From April 26 hospitality venues in Scotland can open until 8pm indoors – but without alcohol – and 10pm outdoors. 

In Wales hospitality will also be allowed to reopen outdoors from Monday. 

The news comes as the boss of one of the country’s largest pub chains said drinkers are returning to watering holes in greater numbers than predicted.

Shepherd Neame chief executive Jonathan Neame said that the brewer reopened more than 200 pubs from last Monday, around two thirds of its total.

Mr Neame said: ‘Many customers have returned to our pubs in the first week to enjoy great hospitality in a relaxed and safe environment. Although it is early days, trade levels so far have been above expectation.’

By the time all Shepherd Neame’s pubs reopen indoors in less than a month from now, according to the Government’s current road map, they will have been shut for 297 out of the last 423 days.

‘Inevitably this has had a severe impact on our numbers during this time,’ the chief executive said.

As a result, the company swung to a £7.2 million pre-tax loss in the last six months of 2020. It had made a £5.4 million profit a year earlier.

Turnover in the same period dropped 30 per cent to £55.3 million.

The period included the summer reopening, including the Eat Out To Help Out scheme in August, which helped boost dining establishments.

Shepherd Neame was able to stave off some problems by increasing sales of bottled beer from its brewery by more than a quarter.

That way, and by controlling costs, it was able to restrict the amount of cash it was burning through each month when pubs were closed from £2 million to £1.5 million.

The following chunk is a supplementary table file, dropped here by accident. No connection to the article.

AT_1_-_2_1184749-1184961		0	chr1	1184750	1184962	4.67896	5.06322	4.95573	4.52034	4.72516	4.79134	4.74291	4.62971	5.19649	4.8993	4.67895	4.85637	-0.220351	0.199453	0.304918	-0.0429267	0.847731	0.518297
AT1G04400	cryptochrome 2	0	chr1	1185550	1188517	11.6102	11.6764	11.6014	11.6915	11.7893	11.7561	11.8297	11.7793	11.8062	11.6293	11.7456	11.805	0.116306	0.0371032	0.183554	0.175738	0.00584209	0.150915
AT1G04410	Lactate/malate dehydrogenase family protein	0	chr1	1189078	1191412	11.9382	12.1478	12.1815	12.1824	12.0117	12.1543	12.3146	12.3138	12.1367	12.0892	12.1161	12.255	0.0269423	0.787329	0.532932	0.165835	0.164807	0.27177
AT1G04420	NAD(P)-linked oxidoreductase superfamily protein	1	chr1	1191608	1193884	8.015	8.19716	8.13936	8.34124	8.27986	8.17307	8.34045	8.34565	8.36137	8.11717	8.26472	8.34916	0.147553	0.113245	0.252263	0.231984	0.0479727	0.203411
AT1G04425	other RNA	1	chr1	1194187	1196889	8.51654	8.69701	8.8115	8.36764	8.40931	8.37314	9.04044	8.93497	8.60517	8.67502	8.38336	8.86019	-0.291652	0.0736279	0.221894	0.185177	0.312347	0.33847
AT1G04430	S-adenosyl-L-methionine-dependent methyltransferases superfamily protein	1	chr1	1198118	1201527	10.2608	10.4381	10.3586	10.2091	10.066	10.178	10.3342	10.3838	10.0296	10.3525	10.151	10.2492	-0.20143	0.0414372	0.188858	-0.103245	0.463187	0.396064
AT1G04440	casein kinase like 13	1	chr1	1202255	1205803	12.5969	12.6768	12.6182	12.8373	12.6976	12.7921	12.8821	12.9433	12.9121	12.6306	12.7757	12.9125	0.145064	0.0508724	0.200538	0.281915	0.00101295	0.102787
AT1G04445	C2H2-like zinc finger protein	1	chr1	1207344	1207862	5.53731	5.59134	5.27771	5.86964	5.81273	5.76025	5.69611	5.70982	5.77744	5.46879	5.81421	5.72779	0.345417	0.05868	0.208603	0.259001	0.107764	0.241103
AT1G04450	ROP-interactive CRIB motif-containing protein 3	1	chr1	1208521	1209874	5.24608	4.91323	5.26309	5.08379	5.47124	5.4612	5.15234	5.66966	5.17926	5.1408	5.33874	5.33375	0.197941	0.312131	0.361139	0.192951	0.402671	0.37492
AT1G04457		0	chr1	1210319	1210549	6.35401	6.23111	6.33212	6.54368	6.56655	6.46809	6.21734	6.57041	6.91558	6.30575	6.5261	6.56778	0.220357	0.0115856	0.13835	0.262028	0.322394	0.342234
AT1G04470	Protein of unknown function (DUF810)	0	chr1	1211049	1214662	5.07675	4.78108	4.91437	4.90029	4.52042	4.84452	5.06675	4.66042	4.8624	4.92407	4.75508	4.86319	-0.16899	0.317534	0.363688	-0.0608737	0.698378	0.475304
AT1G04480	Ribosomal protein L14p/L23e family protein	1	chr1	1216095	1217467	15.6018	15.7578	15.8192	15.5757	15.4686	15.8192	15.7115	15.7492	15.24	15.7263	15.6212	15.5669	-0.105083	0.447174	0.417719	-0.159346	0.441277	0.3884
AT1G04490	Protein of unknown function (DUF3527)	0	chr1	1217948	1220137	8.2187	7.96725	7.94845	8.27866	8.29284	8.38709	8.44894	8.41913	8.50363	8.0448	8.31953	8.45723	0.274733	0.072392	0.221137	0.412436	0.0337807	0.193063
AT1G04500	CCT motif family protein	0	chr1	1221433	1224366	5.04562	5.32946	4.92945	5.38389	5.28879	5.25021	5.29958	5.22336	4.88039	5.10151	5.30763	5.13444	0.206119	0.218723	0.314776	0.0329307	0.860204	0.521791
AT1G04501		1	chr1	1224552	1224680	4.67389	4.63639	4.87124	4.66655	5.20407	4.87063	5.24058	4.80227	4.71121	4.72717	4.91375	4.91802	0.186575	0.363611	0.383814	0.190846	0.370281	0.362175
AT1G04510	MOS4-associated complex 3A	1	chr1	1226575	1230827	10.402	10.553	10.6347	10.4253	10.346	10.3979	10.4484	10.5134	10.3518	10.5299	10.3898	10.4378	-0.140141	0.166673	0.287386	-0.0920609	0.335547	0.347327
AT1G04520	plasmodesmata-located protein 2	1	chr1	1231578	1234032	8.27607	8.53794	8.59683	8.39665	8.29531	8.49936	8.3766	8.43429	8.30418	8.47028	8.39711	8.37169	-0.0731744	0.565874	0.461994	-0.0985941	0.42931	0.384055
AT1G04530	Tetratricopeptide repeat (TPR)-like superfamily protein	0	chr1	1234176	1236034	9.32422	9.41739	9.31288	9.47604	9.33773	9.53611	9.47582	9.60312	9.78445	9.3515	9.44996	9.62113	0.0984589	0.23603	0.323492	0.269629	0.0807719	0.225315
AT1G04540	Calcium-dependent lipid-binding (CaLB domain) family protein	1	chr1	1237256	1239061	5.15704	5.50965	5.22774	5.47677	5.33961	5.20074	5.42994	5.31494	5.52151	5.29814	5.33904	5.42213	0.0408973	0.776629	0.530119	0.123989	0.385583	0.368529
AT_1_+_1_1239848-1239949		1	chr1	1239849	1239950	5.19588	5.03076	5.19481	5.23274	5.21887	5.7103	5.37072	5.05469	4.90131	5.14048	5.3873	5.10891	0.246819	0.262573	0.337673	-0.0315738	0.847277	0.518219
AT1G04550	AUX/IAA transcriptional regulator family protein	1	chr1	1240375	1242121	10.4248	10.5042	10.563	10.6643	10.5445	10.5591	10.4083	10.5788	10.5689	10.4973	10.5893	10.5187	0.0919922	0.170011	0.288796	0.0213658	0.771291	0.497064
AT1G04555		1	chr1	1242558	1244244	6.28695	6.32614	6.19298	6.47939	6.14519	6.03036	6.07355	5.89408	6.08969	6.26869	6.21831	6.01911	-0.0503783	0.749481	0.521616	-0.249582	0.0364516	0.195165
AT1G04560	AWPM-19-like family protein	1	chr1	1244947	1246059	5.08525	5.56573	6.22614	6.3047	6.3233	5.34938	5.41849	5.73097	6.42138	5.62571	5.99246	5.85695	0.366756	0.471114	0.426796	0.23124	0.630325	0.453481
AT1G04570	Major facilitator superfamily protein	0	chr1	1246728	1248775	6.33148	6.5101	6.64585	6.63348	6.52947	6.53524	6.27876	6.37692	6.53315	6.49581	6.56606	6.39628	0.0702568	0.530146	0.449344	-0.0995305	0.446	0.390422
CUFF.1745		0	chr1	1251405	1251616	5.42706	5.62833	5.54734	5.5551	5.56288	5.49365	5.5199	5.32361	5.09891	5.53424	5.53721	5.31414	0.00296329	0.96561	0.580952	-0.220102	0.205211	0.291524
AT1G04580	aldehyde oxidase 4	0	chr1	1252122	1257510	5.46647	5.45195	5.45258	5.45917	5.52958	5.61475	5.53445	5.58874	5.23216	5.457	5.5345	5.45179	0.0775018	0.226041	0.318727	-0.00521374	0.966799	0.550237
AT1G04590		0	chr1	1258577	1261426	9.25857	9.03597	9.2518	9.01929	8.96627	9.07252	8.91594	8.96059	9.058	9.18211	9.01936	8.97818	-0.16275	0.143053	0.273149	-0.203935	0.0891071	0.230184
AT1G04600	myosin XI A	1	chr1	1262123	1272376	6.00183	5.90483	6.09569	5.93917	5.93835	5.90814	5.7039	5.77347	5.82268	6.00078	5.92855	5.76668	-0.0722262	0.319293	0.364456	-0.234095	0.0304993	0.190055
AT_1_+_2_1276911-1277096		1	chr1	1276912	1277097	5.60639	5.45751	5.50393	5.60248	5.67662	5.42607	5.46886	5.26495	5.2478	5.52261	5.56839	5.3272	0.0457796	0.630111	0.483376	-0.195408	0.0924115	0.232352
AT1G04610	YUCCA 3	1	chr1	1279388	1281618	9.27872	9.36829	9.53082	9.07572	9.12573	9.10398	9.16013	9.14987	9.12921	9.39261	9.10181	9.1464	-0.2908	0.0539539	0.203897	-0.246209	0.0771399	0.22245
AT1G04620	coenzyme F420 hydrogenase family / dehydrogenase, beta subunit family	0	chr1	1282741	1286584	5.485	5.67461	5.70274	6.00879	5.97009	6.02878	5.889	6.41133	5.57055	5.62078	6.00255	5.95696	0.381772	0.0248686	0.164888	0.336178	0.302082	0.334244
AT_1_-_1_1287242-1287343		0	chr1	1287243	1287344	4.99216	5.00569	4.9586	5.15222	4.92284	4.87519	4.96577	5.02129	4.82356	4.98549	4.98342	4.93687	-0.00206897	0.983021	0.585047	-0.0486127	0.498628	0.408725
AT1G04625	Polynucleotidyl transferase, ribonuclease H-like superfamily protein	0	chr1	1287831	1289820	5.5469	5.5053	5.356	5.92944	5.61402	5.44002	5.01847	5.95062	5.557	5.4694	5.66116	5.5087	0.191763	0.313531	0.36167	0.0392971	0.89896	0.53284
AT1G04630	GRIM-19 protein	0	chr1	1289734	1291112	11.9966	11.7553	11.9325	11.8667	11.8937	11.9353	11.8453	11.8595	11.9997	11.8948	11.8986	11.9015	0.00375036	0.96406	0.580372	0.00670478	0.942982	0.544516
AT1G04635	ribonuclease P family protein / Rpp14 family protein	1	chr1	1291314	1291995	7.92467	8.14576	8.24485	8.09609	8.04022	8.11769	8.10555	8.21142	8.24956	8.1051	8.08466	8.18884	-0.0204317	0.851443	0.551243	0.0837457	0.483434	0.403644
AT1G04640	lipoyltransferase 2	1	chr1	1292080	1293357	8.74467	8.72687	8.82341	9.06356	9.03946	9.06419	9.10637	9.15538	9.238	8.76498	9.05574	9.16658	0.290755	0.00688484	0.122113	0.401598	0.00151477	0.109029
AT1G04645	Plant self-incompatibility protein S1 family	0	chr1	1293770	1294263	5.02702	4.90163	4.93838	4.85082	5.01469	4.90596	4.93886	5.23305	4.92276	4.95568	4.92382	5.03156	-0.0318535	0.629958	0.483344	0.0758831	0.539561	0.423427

The company also claimed £5.7 million in Government support, including the furlough scheme, business grants and business rates relief.

However, trading has been encouraging since reopening, and like pubs across the country, Shepherd Neame hopes it can tap into a market full of pubgoers who have not been able to visit their local for several months.

Mr Neame said: ‘There is significant pent-up demand in the economy. The consumer savings ratio is at high levels, and all indications are that the demand for events, for festivals, for live sport, for going out for a meal and for socialising with friends is as strong as ever.’ 

Prime Minister Boris Johnson’s roadmap out of lockdown, with indoor hospitality expected to reopen May 17 in England

Founder and Chairman of JD Wetherspoon, Tim Martin, who has criticised the Government’s handling of the pandemic. Pictured: October 2020 

He added: ‘Furthermore, with the ongoing restrictions in place on international travel, most people will choose to holiday in the UK this year. As a result, we believe that our recovery will be strong through late summer and autumn 2021.’